Two corporate tax transparency bills, in Chicago and in Springfield, are picking up steam. Illinois Speaker Michael Madigan even chided rich corporations for demanding handouts when they contribute “little or nothing to help fund the very services from which they benefit significantly.”
This makes the foes of corporate tax transparency nervous. In a Crain’s opinion piece, Marc J. Lane argued against the bills last month and, recently, Crain’s editorial board also denounced them. Since we’re likely to hear the myths they’re peddling again, it’s worth debunking them now.
Myth No. 1: Corporate tax transparency will be bad for business in a state that has “the fourth-highest corporate income tax rate in the nation.”
This ranking is the sort of “fuzzy fact” that gets trotted out repeatedly, despite being of dubious value. On the books, Illinois’ corporate tax rate appears substantial. But the Department of Revenue has reported that two-thirds of corporations pay absolutely nothing in corporate income tax to Illinois, meaning the effective tax rate is far lower.
But, regardless of where Illinois stands against other states, the real question is: Whose business are these transparency bills going to be bad for?
Well, if you count blackmailing and bribing one’s way out of paying taxes as “business,” then they’re going to be bad for companies like Decatur-based Archer Daniels Midland Co. And they may cause some embarrassment for the two-thirds of corporations that pay no corporate income tax, if it turns out they’re handing the bill to Illinois taxpayers for patently absurd reasons. Basically, they’d be bad for businesses that act without a sense of responsibility to the people of Illinois.
But the bills won’t be bad for the one-third of corporations that pay their fair share of taxes to support the state services that allow them to thrive. And they won’t be bad for the people of Illinois’ business, since we need tax revenue to invest in the services that will make Illinois strong.
Myth No. 2: The bill is “too narrow” by only requiring publicly traded companies to disclose limited tax data.
The bills only require disclosure from publicly traded companies because the SEC already requires these corporations to file tax data at the federal level, which is publicly available via EDGAR. These bills would require a similar process be enacted at the state level in Illinois.
Moreover, the current system allows sophisticated — one might say “unpatriotic” — corporations to extract handouts unavailable to smaller businesses. Corporate tax transparency is a vital first step in creating a level playing field that requires corporations with ample resources to invest equally in the infrastructure our state requires to prosper.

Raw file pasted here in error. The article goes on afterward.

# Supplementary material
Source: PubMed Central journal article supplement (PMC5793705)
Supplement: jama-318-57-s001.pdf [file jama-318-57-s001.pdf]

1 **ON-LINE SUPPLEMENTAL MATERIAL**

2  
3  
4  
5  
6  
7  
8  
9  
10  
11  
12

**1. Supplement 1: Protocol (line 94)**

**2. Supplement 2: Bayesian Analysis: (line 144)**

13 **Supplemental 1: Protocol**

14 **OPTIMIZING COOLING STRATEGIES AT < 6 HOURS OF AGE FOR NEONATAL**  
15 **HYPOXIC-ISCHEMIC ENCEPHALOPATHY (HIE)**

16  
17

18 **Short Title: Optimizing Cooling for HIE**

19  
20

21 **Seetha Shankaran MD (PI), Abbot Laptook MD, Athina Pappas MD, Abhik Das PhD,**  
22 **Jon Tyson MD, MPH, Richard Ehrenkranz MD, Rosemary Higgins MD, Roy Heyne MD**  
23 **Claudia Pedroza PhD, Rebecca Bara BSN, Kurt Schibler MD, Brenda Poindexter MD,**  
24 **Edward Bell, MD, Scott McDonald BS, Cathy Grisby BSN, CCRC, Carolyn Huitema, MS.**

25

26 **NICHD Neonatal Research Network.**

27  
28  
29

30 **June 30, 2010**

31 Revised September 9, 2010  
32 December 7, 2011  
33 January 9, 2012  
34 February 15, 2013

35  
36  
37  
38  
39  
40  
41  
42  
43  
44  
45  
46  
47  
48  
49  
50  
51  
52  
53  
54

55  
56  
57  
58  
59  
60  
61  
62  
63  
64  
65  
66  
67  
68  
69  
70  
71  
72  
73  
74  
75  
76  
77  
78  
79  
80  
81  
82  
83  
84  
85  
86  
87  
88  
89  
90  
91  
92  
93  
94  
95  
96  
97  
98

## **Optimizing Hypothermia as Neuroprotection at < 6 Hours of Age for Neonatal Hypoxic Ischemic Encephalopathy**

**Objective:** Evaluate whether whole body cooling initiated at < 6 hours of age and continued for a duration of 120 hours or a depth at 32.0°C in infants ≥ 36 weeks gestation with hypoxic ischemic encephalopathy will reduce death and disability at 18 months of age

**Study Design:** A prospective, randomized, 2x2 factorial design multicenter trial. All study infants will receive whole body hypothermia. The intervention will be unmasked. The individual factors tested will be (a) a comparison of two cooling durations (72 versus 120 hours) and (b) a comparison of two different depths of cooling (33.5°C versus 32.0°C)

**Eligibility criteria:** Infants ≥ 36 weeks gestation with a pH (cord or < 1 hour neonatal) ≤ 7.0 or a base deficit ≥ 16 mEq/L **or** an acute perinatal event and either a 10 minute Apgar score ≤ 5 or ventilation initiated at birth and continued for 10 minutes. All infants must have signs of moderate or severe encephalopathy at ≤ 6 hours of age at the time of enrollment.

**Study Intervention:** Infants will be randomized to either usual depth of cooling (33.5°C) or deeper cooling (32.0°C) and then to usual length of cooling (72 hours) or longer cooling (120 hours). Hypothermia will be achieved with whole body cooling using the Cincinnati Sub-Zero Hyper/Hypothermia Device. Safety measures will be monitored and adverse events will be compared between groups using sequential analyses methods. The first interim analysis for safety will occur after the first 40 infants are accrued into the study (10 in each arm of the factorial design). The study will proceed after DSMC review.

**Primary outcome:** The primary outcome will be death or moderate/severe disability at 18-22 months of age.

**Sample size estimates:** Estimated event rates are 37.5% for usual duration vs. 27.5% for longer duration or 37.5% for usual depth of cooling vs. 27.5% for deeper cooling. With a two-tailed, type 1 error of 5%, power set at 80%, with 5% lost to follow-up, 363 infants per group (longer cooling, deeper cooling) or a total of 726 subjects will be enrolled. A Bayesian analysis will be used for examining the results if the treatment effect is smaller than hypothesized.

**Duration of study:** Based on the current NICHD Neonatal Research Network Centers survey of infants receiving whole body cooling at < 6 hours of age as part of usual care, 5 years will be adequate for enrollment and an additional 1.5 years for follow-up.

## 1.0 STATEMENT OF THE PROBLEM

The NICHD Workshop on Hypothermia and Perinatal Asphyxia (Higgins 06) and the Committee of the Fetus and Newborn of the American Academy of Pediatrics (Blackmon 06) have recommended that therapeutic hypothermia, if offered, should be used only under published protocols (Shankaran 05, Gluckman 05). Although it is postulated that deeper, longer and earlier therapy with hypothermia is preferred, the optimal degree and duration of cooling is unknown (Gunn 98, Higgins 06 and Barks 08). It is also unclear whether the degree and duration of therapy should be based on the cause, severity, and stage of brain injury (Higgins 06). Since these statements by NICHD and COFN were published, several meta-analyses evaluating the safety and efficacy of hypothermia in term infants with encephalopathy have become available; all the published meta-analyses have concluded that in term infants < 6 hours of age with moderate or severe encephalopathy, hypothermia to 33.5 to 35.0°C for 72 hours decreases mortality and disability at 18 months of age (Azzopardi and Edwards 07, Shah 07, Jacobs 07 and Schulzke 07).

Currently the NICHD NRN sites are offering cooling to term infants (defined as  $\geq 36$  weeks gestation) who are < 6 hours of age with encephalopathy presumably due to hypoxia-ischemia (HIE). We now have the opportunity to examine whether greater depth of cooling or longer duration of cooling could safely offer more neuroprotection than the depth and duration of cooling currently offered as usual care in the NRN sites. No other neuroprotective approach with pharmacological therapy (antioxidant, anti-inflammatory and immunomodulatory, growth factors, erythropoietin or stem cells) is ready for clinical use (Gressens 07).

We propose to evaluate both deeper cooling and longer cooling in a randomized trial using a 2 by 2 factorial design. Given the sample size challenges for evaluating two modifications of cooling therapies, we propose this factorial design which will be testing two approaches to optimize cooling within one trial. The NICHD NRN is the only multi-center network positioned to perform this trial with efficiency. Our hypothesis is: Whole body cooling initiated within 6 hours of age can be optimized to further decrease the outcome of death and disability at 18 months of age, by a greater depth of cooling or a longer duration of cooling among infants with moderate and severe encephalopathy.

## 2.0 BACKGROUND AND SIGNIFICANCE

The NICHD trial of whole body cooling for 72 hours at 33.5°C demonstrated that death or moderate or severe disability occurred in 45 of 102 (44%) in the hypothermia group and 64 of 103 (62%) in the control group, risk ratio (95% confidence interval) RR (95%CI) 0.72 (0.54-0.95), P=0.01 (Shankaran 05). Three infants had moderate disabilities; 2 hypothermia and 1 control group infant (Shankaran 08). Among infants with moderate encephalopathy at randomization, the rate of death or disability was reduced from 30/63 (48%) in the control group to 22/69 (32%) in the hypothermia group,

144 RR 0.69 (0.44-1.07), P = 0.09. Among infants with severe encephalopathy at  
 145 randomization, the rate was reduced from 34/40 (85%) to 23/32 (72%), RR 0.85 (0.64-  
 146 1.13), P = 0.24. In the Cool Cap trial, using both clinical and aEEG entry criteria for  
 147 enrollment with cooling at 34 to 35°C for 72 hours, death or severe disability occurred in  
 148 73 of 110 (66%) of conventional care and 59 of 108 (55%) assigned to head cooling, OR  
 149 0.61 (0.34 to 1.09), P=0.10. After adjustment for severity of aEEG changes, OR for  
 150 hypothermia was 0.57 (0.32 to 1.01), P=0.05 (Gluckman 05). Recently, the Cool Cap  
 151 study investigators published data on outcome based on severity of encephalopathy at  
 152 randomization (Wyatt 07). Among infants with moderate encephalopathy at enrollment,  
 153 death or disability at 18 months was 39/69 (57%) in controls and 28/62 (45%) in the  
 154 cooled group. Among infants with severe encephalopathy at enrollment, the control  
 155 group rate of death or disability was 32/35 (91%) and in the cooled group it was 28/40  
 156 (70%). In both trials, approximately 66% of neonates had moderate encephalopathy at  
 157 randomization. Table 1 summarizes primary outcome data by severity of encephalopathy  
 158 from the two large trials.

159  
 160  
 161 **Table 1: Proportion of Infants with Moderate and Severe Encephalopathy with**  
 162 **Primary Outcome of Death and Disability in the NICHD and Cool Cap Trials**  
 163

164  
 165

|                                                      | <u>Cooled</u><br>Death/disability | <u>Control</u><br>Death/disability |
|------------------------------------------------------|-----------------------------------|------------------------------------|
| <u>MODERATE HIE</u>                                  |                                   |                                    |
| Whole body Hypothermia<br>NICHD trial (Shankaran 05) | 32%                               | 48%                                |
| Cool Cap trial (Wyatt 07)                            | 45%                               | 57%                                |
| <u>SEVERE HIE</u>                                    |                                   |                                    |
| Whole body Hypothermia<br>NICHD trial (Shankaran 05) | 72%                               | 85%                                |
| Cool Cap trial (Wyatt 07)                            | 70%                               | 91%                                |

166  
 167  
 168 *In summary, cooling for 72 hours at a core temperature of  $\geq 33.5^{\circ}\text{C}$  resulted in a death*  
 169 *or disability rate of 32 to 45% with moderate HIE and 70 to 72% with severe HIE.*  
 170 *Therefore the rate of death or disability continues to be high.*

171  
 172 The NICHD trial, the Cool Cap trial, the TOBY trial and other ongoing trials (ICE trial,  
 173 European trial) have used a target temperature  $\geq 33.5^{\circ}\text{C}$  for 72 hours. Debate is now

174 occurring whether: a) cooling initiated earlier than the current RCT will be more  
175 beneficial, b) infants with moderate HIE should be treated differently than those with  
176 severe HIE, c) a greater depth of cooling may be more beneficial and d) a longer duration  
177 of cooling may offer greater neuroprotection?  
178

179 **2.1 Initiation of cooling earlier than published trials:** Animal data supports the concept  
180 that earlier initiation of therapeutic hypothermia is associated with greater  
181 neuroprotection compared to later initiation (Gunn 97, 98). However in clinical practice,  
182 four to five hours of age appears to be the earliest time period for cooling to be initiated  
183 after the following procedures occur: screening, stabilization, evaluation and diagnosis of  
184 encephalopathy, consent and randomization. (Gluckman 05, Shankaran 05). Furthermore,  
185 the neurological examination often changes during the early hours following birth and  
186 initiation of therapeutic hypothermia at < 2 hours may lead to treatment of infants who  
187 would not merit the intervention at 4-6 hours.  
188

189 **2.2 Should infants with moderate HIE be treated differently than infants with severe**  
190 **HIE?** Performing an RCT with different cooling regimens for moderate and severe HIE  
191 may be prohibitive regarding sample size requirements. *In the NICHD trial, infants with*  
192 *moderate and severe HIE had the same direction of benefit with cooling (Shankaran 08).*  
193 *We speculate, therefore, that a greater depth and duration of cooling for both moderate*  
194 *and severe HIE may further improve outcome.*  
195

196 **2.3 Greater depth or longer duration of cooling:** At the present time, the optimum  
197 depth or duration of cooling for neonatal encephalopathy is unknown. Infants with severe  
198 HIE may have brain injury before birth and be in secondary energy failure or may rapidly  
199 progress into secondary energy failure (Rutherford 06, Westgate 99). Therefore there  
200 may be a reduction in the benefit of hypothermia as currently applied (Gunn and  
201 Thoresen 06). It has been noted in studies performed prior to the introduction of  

Myth No. 3: The bill requires disclosure of data “not easily understood by the public or policymakers.”
This brazenly suggests that the citizens and legislators of Illinois are too stupid to understand the workings of the corporate world. But we live in a democratic society where the public enjoys the right to make informed decisions about what is good and proper. And they can only make informed decisions if the information they need — in this case, basic facts about which corporations are paying corporate income taxes, which aren’t, and why — is made publicly available.
On the basis of these myths, Mr. Lane and Crain’s editorial board suggest that legislators can hold corporations accountable for contributing to our state without enacting corporate tax transparency. That’s like saying a business manager could improve a company’s return on equity without looking at its books. No sane businessperson would think this way, so why should the people of Illinois?
We can’t have a meaningful conversation about the costs and benefits of particular tax incentives until we determine which corporations are paying, which aren’t, and why. In other words, we’ll only have accountability if we enact transparency.
David Borris, owns Hel’s Kitchen Catering in Northbrook and serves on the executive committee of the Main Street Alliance small-business network. David Hatch, is executive director of the People’s Lobby, an Illinois affiliate of National People’s Action.
This Op-Ed by David Borris and David Hatch originally appeared on Crain’s ChicagoBussiness.com on 24 January, 2014. I contributed writing for this piece.